How to print floating point in scientific format?

sdhyok sdhyok at yahoo.com
Mon Aug 11 05:52:29 CEST 2003


Thanks, Alex.

snip

> If you're doing scientific computations in Python and use arrays but
> not Numeric (or its slated-to-be-replacement numarray, of which I
> don't know much yet; or the many things layered atop of and onside
> of Numeric, such as scipy), switch.  You'll be happy you did.
I refer all sequences, but, as you say, particularly numpy arrays.

> I've never heard a scientific programmer complain too badly about
> how Numeric treats arrays, whether they were coming from Fortran
> (the typical case), other higher-level languages, or general purpose
> languages not really suited for scientific computation (such as C).

Right, we can use scientific binary formats, like NetCDF, HDF.
But, we often want to read the data in our naked eyes 
and exchange them with spreadsheet.

>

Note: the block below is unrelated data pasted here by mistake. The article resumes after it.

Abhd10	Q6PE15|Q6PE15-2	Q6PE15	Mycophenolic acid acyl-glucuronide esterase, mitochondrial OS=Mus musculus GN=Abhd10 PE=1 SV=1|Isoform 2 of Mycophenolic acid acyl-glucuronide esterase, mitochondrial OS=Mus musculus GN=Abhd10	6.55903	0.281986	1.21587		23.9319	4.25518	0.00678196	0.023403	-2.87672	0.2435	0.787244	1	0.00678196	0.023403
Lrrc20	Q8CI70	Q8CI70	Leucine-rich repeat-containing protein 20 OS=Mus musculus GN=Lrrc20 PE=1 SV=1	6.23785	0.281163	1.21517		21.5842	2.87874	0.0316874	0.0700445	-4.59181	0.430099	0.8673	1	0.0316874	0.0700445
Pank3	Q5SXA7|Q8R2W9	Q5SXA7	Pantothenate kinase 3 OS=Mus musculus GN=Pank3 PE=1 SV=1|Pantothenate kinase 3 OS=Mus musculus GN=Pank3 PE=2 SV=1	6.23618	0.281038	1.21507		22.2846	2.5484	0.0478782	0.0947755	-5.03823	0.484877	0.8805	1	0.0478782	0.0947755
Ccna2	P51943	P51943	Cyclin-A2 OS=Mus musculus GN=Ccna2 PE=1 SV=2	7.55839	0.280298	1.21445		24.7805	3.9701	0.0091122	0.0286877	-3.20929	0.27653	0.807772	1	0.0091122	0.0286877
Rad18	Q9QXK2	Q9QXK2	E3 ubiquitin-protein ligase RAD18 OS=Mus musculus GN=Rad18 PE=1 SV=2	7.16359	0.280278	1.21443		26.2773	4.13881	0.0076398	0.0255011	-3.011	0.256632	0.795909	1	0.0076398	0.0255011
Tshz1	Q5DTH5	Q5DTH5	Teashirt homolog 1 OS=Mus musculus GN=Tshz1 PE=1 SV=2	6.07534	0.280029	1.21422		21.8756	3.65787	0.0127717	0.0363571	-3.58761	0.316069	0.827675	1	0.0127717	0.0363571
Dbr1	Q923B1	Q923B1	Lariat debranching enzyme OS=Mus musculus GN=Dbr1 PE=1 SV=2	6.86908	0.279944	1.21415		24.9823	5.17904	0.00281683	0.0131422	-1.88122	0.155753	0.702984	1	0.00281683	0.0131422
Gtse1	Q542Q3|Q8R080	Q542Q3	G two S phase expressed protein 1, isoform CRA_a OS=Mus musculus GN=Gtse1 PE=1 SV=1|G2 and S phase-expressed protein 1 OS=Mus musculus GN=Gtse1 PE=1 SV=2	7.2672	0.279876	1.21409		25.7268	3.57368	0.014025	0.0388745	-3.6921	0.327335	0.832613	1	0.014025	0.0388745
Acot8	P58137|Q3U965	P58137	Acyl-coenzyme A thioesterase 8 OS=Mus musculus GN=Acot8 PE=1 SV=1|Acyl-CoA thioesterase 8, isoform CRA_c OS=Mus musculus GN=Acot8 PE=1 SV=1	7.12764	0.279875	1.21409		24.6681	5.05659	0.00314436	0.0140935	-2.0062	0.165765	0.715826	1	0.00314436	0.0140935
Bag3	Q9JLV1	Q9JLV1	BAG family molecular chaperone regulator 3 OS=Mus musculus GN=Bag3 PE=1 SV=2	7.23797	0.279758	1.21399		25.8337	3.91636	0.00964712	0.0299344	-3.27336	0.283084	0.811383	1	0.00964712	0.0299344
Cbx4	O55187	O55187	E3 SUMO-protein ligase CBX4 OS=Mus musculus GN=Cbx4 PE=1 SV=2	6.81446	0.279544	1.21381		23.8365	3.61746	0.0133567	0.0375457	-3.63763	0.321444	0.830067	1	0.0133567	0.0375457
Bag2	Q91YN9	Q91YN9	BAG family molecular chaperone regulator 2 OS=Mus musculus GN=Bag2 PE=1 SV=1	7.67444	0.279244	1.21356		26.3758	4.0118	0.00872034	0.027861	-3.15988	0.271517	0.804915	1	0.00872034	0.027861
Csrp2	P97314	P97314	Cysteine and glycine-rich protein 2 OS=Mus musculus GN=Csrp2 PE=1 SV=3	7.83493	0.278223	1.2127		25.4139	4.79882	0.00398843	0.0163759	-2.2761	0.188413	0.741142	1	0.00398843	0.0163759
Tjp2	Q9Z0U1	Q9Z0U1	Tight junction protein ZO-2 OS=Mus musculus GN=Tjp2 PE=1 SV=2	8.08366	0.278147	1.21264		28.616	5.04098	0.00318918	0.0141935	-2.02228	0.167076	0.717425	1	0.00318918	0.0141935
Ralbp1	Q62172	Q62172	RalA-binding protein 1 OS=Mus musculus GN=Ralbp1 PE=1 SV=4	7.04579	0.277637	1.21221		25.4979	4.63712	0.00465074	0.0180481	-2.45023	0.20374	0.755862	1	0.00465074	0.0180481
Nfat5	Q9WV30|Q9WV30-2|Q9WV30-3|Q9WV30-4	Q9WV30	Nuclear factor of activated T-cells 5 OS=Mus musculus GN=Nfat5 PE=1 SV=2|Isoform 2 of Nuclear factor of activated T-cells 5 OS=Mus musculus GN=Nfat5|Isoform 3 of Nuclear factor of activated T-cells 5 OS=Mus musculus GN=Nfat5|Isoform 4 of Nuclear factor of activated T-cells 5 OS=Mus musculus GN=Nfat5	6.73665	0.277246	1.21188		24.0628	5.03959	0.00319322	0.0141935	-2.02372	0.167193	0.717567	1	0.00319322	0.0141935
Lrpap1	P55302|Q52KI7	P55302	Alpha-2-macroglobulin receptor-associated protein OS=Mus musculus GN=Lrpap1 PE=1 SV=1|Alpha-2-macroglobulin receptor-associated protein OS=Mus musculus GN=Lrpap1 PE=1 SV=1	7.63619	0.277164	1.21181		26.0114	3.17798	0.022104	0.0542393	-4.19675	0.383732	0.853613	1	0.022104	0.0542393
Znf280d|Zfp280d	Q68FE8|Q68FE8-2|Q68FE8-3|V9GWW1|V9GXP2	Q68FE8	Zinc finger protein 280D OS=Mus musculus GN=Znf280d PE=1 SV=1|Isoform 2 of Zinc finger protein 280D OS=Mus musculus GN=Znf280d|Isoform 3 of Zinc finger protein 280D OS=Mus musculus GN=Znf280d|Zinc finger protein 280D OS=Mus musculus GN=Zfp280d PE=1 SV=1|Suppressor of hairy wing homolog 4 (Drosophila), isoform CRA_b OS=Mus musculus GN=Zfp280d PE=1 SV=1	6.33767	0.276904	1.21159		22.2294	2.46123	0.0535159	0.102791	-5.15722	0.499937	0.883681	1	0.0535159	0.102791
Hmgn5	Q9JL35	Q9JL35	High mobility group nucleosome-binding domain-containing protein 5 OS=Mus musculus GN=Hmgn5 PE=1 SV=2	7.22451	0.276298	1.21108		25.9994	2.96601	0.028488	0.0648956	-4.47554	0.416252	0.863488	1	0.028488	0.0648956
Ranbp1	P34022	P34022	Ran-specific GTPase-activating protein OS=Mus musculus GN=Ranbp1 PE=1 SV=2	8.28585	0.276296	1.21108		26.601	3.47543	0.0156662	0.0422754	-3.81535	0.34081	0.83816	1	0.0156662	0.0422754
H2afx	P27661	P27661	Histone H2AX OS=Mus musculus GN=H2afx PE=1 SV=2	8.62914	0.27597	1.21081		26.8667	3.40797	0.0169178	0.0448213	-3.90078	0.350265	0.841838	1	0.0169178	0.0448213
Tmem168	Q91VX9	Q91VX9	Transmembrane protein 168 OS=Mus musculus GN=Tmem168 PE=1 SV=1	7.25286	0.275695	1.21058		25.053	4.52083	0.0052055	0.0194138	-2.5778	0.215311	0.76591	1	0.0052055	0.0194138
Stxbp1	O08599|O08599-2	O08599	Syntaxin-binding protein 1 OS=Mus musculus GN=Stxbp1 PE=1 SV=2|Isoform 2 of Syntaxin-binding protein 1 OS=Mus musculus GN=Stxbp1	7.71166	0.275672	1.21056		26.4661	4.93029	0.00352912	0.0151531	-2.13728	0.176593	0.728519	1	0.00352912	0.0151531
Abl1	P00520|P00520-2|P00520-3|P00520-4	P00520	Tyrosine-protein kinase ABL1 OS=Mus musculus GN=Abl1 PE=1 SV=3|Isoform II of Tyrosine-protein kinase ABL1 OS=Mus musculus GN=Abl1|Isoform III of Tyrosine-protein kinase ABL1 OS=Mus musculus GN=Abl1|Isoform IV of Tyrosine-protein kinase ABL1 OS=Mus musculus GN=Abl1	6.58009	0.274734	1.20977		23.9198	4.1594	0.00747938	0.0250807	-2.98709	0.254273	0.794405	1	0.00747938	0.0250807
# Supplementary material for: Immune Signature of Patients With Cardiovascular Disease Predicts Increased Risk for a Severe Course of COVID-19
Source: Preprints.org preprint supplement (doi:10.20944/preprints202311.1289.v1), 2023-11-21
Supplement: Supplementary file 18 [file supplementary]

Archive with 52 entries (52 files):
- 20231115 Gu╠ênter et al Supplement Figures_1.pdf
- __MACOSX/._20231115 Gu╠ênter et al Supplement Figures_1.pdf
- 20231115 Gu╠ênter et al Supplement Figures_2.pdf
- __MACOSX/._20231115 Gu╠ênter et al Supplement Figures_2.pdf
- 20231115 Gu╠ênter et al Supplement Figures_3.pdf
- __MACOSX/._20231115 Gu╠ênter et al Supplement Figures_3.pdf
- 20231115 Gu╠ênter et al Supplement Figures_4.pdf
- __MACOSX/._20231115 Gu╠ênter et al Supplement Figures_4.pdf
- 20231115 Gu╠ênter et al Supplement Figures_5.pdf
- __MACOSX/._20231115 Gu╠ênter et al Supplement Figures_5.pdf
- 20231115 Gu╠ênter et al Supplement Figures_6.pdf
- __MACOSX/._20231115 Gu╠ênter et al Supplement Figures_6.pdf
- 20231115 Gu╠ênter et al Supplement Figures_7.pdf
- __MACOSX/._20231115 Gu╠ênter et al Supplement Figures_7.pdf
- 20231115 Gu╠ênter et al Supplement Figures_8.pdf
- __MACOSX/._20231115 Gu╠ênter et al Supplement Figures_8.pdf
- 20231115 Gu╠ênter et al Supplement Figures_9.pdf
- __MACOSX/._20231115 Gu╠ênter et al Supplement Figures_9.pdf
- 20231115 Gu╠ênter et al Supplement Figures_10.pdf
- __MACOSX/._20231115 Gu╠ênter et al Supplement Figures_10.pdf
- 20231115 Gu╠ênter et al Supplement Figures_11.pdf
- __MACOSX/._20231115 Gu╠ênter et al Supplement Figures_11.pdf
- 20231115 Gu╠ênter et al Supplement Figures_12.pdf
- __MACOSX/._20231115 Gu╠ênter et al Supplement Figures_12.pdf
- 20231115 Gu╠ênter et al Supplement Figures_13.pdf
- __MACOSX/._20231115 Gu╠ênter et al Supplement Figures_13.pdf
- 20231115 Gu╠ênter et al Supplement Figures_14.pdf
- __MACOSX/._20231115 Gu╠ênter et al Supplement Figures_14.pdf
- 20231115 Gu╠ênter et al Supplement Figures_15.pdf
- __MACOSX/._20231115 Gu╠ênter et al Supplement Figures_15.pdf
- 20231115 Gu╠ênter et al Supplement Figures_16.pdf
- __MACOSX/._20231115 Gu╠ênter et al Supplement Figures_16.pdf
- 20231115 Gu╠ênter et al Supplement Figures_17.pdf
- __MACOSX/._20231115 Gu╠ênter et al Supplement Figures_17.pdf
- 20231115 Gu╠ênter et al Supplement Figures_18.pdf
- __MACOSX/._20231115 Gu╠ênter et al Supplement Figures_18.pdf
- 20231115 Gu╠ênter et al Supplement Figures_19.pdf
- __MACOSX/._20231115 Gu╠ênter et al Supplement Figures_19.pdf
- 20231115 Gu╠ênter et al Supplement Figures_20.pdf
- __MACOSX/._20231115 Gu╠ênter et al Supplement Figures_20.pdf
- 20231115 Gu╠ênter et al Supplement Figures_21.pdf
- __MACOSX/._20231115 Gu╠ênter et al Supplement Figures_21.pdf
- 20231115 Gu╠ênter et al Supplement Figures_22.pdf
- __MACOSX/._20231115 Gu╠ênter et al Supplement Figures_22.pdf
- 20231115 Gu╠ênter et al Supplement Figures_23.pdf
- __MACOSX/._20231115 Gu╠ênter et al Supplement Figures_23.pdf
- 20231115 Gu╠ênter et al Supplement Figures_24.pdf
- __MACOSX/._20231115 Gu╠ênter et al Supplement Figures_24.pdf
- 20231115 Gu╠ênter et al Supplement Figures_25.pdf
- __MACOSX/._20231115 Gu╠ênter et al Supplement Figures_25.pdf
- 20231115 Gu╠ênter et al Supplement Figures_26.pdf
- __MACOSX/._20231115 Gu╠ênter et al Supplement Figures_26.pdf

> You seem to be focused on readable display of arrays (quite an
> unusual focus for scientific programming).  So, worst case, it's trivial 
> to write a general purpose function that takes an array of ANY size
> and rank and emits it in the way you prefer -- easier than in any
> other language commonly used for scientific programming.
> 
> So, you don't need anything from Python -- just write that blessed
> function and scientifically program to your heart's content.

Trivial to create my own function.
But, surprisingly no common function or command for the work.
Maybe, one solution is

import Numeric as N
N.print(array, format="%.2E")


Daehyok Shin




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